Over this month and next, 500 elderly people in Singapore will be writing stories - without knowing how they end.
Each of them will be given a blank book and asked to fill its first five pages with a story, with volunteers to guide them or help them write.
The book will then be passed to a child, aged between seven and 15, to fill the remaining five pages.
But the co-authors will only get to meet at an event in March, when they can share their side of the story in detail with each other.
The 500 writing pairs will then get to write something together - the title of the story they co-authored.
This inter-generational book project, called Live A Legacy, is led by Air Amber, an organisation that involves children and youth in community projects.
It is funded by St Luke's ElderCare, and about 400 of its beneficiaries will be involved.
Distribution of books to the elderly started last week. The writing will be done by the end of next month, and the books passed to the children in February.
Air Amber co-founder and chief executive Suraj Upadhiah, 28, told The Straits Times: "The elderly and youth will co-write stories centred on love - be it love for family, our fellow man, our work or our interests."
The co-authors are encouraged to write stories based on their life experiences, but they are free to add in fictional elements, since the children have to be creative to think of how to continue writing the stories.
Mr Upadhiah said: "We thought of encouraging interaction between the two generations such that it is not just elderly people giving advice to the youth, or just youth helping the elderly with something, but with both groups having equal stake in writing the stories."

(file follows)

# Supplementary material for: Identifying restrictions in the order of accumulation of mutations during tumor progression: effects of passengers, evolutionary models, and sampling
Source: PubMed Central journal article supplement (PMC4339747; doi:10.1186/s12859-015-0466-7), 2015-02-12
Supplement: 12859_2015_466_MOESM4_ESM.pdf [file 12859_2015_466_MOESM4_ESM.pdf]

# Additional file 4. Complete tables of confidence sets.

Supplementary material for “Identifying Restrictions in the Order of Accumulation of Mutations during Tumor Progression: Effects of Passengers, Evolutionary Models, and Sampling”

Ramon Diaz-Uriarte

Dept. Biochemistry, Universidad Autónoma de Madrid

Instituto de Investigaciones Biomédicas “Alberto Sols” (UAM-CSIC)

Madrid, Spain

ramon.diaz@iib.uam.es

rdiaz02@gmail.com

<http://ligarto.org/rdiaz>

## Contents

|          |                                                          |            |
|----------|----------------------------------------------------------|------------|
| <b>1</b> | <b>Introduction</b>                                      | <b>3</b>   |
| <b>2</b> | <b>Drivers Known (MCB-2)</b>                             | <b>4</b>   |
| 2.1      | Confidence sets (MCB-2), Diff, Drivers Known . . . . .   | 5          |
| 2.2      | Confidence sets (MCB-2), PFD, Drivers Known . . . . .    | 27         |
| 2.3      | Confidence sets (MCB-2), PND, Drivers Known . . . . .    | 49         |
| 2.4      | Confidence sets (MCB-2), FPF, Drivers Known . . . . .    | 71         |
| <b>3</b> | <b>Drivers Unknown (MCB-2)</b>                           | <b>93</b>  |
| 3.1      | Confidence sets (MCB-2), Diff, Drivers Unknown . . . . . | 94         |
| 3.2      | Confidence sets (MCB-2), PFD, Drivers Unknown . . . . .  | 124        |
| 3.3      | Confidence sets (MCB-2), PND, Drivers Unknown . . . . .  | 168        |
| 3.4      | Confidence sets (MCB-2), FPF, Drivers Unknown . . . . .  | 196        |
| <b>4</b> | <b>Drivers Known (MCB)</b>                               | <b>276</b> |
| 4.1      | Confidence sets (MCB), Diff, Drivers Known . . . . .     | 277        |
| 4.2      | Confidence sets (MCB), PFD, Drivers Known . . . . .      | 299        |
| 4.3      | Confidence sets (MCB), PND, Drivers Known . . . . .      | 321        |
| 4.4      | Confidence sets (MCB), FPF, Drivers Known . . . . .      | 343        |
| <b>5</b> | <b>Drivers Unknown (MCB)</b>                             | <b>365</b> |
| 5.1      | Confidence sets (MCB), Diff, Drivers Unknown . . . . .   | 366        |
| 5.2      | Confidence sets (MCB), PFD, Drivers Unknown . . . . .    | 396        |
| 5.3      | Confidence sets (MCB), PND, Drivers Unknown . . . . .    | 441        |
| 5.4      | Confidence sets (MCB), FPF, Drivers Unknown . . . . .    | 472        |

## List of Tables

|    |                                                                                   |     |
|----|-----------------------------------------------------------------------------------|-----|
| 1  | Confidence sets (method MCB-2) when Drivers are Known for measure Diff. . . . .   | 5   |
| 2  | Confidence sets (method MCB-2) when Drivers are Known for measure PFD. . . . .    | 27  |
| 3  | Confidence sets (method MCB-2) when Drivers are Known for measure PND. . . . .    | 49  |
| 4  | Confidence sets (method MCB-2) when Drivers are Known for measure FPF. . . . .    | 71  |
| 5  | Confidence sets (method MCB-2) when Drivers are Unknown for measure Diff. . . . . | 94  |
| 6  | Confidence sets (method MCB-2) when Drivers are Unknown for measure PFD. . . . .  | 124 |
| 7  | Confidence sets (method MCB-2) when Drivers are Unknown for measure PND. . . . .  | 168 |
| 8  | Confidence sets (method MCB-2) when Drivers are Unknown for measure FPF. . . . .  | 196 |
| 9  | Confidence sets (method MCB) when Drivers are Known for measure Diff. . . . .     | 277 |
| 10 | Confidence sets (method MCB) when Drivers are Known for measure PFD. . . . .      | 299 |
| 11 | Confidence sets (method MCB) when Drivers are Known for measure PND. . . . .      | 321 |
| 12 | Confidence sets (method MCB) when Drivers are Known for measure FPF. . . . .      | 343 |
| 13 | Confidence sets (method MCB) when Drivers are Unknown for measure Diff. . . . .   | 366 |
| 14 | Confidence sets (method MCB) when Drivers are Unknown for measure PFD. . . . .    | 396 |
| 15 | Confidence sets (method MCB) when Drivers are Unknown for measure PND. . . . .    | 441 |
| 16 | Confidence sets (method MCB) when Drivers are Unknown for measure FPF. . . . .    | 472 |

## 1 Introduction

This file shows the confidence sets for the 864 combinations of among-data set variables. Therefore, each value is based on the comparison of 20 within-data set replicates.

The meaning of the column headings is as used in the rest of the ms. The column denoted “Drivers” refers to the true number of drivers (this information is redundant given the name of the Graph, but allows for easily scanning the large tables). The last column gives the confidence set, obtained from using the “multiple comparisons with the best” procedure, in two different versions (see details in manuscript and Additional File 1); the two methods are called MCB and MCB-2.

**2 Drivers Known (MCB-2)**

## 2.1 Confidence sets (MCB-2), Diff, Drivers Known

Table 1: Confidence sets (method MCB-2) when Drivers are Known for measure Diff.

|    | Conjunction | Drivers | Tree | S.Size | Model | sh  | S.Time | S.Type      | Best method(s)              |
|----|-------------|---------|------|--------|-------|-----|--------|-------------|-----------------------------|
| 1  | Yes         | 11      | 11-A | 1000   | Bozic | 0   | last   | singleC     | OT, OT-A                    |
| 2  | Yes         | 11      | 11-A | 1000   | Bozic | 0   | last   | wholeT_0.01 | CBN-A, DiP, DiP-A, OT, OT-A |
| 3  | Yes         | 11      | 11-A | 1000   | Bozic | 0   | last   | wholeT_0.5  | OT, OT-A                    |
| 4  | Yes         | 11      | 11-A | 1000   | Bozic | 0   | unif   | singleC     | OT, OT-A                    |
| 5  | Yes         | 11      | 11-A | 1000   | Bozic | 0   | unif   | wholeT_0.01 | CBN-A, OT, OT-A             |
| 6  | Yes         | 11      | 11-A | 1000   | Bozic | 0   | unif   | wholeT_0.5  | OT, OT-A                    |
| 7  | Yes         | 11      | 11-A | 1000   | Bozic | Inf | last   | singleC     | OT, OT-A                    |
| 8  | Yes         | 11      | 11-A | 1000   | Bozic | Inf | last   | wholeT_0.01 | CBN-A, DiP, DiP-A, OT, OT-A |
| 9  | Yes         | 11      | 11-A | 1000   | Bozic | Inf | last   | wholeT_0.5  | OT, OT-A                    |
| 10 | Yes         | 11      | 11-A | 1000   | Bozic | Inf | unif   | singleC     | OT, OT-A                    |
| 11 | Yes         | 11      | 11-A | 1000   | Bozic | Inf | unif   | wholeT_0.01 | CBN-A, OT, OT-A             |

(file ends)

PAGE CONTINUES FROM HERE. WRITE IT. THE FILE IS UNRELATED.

St Luke's ElderCare corporate communications manager Jasmine Tham, 35, said: "It is a good opportunity for the youth and elderly to interact and share their experiences with one another."
The book project is the first of a series of inter-generational projects that Air Amber plans to have over the next two years.
"The entire initiative is called The Loving Population. It is an effort to change the narrative of the ageing population," said Mr Upadhiah, who was inspired after seeing and hearing about elderly people's love for their grandchildren and spouses.
"Instead of seeing the elderly as a problem, we want to change perspectives through such projects that will promote understanding and the building of relationships between youth and the elderly."
This is also why Air Amber plans to compile the books into volumes, organised by themes, and make them available in public libraries.
"We don't want it to just be a time of bonding among the pairs and let it end there. We hope the stories will be shared and the general public will think about how they can better love one another," he said.
Madam Lam Suet Yin, 75, filled the first page of her book last week with a drawing of Chinatown in the 1960s, where she used to shop with her close friend.
Air Amber chief marketing officer Tiziana Tan, 22, helped her describe the drawing with sentences.
Madam Lam intends to fill the next four pages with drawings of scenes from movies, which mark the times she spent with her family.
She said in Mandarin: "I want to write about my close friend and family, because family and friends are important, and I hope the youth who gets this book will know that."
One of the participants, Dayna Shanaia Maha, is looking forward to completing an elderly person's story in February.
The seven-year-old said: "I am excited about it. I will see what the elderly person writes first, but I will finish the story with a happy ending."
Source: The Straits Times © Singapore Press Holdings Limited. Reproduced with permission.
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